# Regents Recap, January 2020: What is an Irrational Number?

This type of problem frequently appears on New York State Algebra 1 Regents exam.

There’s really no way for an Algebra 1 student to properly “explain” their answer to this question. Proving that a number is irrational is a concept from elementary number theory and is not part of the Algebra 1 course. What the test makers expect is for the student to simply state that a rational number times an irrational number is irrational. Not only is this not an explanation, but such a question reinforces the idea, for both students and teachers, that mathematics is a collection of facts to be memorized and regurgitated.

I’ve written about this issue before, but I didn’t think this kind of problem could get much worse. I was wrong. Here’s an example of a full credit response from the official scoring materials for the 2020 Algebra 1 Regents exam.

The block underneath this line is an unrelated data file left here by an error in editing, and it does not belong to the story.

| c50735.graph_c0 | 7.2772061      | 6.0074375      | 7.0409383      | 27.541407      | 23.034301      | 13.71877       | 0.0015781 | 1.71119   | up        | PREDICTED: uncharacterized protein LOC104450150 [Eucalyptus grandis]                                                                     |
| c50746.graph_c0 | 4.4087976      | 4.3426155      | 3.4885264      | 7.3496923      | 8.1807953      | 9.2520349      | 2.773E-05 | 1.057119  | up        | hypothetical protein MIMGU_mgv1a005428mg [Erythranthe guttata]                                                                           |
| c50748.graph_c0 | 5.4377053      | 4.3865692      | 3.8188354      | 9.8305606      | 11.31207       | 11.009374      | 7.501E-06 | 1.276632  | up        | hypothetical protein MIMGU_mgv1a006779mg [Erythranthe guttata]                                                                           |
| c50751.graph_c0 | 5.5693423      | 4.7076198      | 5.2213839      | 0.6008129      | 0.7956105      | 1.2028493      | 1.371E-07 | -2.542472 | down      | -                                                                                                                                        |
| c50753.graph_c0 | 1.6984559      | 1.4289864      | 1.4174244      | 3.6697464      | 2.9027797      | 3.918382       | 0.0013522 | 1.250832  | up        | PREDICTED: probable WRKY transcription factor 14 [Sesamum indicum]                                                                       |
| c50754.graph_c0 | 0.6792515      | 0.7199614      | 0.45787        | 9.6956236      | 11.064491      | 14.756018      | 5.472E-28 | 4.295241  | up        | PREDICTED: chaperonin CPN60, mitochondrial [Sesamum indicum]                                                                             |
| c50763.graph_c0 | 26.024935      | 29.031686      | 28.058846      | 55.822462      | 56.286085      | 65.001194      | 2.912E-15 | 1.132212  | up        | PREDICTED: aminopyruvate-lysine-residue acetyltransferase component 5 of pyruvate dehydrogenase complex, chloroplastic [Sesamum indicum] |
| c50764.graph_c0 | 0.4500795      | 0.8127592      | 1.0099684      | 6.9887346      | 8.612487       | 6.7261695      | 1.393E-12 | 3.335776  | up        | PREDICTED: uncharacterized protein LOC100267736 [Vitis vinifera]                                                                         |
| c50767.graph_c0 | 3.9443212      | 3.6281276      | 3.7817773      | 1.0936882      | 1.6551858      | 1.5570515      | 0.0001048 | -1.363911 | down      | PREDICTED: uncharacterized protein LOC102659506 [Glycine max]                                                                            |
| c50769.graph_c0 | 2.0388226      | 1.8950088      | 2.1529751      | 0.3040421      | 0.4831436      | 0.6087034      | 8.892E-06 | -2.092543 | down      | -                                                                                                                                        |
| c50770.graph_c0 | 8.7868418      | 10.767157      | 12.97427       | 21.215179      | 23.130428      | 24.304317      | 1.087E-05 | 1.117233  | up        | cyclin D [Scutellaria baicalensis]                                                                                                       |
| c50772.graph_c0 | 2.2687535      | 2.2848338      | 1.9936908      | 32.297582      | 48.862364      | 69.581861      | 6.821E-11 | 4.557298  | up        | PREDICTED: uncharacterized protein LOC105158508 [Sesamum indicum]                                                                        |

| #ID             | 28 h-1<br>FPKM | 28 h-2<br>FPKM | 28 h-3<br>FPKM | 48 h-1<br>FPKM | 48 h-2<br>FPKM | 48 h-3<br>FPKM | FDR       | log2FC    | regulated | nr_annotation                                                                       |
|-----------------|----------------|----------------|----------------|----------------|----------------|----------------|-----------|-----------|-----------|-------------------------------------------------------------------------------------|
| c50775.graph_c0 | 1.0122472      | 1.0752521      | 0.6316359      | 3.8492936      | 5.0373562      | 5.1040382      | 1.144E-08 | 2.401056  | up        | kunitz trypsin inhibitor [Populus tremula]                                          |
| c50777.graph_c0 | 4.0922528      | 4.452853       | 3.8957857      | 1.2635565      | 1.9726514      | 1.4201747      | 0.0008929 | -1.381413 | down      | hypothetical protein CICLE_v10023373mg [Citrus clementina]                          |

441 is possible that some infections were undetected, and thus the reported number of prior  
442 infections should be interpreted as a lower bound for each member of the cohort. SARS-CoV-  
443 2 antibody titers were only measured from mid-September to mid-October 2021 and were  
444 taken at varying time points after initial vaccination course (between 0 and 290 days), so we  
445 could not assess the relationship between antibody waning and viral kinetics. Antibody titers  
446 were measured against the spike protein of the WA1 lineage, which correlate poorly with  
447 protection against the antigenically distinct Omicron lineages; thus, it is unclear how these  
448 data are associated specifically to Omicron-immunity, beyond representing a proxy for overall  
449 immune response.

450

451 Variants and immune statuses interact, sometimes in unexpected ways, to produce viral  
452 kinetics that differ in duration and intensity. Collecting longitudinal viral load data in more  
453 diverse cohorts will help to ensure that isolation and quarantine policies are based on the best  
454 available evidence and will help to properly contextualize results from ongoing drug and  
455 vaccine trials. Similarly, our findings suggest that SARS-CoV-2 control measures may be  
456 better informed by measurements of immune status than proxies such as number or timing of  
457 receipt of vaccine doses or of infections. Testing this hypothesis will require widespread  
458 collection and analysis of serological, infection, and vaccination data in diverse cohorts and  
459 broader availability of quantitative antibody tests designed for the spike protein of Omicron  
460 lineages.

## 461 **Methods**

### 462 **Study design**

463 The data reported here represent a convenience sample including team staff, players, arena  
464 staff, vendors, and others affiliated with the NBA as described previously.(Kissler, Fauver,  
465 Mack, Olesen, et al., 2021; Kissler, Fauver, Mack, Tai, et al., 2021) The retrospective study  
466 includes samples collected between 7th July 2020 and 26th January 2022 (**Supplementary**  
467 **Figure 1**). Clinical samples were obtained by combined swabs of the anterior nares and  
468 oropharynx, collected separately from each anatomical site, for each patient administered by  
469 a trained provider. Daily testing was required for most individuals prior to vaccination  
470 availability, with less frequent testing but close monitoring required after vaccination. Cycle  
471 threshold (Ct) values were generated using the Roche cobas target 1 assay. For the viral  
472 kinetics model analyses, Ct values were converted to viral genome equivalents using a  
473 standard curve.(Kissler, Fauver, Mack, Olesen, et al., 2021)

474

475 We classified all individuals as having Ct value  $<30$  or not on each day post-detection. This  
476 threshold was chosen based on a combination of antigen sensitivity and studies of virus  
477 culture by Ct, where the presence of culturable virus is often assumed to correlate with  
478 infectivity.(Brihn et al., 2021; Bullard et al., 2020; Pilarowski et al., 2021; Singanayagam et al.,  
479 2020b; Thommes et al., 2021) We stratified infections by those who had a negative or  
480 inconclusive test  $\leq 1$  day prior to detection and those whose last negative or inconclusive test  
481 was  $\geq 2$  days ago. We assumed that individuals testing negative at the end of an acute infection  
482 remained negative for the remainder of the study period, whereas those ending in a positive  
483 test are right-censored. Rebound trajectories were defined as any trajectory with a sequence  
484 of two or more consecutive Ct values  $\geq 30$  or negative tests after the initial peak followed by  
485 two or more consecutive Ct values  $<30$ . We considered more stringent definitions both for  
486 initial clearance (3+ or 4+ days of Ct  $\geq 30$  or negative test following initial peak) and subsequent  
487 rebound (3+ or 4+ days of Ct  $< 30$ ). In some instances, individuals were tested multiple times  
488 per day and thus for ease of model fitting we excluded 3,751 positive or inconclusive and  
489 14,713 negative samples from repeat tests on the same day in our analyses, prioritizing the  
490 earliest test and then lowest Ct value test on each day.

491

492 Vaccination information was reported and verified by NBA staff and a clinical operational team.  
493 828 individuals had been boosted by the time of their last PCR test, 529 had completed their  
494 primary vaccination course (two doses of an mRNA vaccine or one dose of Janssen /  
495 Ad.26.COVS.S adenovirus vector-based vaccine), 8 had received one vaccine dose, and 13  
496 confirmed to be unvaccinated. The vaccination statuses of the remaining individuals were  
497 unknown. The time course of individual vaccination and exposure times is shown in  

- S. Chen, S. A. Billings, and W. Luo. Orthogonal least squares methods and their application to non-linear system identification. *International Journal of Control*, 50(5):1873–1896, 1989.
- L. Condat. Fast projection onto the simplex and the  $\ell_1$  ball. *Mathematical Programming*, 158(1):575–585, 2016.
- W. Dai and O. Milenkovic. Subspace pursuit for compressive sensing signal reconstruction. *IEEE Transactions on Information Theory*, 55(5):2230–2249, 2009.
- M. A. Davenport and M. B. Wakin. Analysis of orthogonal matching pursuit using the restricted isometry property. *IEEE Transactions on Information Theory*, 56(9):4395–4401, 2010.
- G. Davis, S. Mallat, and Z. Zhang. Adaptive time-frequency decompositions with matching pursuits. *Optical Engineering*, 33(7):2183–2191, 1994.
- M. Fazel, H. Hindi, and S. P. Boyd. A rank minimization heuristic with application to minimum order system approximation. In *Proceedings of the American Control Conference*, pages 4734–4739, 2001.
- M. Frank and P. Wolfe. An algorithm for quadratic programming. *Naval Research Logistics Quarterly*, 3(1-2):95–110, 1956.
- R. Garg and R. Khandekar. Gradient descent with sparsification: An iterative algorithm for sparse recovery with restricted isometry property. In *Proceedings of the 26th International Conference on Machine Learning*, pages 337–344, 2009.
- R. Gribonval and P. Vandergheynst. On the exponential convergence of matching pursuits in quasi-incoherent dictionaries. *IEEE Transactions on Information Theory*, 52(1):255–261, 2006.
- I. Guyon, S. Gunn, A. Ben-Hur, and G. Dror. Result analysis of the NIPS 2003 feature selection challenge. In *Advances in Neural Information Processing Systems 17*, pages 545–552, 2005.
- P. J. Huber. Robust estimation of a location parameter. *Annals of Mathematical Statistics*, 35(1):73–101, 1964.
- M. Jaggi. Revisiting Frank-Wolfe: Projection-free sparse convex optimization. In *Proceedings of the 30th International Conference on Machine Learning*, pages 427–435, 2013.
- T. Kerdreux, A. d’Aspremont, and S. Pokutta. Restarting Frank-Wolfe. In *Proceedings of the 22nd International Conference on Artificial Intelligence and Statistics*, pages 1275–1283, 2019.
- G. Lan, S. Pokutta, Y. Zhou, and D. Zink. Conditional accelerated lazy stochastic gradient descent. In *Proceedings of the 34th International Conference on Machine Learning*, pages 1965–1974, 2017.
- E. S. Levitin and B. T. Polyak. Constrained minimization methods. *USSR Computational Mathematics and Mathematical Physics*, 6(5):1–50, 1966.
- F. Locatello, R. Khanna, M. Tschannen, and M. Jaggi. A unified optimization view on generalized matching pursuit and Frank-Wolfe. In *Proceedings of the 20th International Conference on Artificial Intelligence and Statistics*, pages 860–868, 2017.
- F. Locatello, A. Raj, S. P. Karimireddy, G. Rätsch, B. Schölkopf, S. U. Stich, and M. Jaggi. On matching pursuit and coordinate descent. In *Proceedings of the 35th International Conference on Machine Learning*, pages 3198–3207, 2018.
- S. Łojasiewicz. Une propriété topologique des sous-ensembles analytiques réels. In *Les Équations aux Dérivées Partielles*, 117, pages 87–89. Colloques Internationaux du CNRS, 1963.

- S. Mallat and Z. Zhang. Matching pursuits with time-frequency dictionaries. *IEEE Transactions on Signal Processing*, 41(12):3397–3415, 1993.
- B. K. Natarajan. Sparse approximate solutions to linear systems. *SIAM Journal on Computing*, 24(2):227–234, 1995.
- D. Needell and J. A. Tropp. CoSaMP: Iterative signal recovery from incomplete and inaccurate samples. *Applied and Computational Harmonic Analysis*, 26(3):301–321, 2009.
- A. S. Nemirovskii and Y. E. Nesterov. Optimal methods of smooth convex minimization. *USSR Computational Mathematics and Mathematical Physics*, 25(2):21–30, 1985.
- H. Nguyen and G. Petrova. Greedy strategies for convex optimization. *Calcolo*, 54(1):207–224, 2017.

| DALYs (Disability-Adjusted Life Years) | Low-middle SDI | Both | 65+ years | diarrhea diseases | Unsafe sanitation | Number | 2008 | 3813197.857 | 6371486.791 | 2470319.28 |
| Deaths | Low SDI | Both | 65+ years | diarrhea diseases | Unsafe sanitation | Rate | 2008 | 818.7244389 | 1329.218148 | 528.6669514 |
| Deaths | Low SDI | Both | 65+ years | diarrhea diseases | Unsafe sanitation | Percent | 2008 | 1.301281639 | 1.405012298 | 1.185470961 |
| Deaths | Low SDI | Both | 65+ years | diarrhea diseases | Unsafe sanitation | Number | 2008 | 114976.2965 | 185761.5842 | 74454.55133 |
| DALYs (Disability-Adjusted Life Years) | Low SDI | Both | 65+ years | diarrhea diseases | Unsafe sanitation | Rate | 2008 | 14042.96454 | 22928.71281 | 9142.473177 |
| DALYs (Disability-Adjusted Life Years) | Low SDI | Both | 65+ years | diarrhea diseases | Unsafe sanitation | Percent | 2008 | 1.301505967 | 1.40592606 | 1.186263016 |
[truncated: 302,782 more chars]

In this exemplar full credit response, the student erroneously represents $3\sqrt3$ as a number with a terminating decimal expansion, i.e. a rational number. Then the student incorrectly claims that the number 5.19615243 can not be expressed as a fraction and thus must be irrational.

The student has demonstrated some understanding of the situation, but doesn’t grasp the fundamental issue of what an irrational number is. This response shouldn’t get full credit. More importantly, the official scoring guidelines should not communicate erroneous mathematics to those who use them. How many teachers will walk away thinking this is valid? And then teach their students that to show a number is irrational, all you have to do is plug it into your calculator and see if it has eight digits past the decimal point?

This is kind of work that makes this other exemplar full credit response seem not so bad by comparison.

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